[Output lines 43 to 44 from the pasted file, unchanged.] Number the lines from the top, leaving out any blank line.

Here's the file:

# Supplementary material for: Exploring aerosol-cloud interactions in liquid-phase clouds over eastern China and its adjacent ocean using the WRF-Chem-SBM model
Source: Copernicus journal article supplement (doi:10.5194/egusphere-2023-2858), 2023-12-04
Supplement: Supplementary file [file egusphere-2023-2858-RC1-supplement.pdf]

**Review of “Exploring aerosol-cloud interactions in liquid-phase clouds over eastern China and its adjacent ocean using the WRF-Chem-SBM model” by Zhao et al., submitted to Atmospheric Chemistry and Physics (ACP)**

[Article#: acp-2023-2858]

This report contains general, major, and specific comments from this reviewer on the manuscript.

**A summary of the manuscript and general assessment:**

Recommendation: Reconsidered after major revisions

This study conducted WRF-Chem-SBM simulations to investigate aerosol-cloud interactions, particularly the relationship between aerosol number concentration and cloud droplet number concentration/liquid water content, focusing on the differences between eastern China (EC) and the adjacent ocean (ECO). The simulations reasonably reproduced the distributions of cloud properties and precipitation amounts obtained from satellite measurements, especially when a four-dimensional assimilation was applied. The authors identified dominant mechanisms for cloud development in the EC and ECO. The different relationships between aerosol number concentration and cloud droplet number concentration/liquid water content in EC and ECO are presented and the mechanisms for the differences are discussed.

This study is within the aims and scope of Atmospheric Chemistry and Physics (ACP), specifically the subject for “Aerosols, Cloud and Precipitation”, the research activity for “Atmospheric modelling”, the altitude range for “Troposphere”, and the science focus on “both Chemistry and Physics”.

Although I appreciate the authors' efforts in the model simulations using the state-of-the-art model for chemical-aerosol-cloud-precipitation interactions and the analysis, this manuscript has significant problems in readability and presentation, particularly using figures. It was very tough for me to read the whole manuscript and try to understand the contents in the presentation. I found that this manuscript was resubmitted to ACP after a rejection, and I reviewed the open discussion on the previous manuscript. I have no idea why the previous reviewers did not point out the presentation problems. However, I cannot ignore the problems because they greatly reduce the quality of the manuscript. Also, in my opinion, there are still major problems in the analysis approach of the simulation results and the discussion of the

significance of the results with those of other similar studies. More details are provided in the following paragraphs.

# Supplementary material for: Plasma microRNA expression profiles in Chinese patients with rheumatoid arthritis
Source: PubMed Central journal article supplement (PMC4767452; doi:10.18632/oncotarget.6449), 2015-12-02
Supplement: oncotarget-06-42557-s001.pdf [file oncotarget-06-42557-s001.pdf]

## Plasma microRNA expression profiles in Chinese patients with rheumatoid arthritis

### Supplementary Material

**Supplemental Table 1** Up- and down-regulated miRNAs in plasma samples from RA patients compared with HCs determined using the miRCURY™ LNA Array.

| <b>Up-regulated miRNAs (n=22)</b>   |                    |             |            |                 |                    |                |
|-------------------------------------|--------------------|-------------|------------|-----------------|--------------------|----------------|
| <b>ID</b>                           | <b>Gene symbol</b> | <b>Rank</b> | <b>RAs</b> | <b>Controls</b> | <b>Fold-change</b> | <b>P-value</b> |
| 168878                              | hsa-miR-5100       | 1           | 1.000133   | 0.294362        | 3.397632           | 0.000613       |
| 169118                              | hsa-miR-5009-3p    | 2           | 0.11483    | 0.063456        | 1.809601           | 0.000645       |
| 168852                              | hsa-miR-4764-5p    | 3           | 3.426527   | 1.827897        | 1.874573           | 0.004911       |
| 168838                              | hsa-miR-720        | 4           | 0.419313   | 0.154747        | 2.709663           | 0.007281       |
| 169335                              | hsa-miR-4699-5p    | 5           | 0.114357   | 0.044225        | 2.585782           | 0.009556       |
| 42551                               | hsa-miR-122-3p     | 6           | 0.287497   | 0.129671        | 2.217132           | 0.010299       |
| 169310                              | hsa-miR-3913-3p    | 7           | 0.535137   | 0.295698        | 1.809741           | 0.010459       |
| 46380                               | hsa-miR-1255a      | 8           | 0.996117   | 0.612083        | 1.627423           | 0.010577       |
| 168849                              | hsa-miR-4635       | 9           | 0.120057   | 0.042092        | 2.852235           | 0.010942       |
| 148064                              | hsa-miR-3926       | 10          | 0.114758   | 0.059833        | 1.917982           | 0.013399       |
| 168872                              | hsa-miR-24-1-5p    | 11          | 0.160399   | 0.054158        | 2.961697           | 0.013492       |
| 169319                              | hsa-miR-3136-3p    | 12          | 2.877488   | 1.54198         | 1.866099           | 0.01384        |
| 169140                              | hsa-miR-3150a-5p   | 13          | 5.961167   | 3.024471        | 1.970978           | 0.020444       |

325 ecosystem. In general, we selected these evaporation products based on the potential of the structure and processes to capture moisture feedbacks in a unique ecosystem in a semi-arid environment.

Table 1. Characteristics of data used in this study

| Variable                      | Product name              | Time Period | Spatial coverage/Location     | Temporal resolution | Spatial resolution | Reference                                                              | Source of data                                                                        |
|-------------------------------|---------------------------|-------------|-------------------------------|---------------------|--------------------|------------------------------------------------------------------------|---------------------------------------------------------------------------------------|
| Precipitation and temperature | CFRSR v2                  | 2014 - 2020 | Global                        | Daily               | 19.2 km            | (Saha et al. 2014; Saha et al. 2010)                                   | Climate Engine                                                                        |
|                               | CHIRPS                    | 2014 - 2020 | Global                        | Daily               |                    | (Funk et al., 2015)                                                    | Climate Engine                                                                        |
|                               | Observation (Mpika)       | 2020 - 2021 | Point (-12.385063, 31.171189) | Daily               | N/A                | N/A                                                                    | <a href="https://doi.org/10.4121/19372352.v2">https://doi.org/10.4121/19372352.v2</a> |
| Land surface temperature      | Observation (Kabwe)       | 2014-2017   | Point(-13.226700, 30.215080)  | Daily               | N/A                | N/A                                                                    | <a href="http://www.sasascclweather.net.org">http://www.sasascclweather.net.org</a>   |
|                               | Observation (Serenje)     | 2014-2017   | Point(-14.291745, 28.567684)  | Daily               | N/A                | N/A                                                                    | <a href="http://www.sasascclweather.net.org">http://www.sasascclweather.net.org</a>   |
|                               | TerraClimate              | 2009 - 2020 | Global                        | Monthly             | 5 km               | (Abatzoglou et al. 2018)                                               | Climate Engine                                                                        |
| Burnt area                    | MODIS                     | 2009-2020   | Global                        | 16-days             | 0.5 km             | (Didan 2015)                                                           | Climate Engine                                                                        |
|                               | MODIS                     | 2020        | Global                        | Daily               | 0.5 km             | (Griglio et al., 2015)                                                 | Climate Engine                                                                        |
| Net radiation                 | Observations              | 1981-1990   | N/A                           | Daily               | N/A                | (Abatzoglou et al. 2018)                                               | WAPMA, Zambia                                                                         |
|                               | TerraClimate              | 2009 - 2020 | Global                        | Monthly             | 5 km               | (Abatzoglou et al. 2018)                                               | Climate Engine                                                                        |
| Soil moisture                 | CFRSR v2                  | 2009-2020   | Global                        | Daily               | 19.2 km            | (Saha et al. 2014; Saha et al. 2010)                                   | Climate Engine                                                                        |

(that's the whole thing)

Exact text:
|                               | Observation (Serenje)     | 2014-2017   | Point(-14.291745, 28.567684)  | Daily               | N/A                | N/A                                                                    | <a href="http://www.sasascclweather.net.org">http://www.sasascclweather.net.org</a>   |
|                               | TerraClimate              | 2009 - 2020 | Global                        | Monthly             | 5 km               | (Abatzoglou et al. 2018)                                               | Climate Engine                                                                        |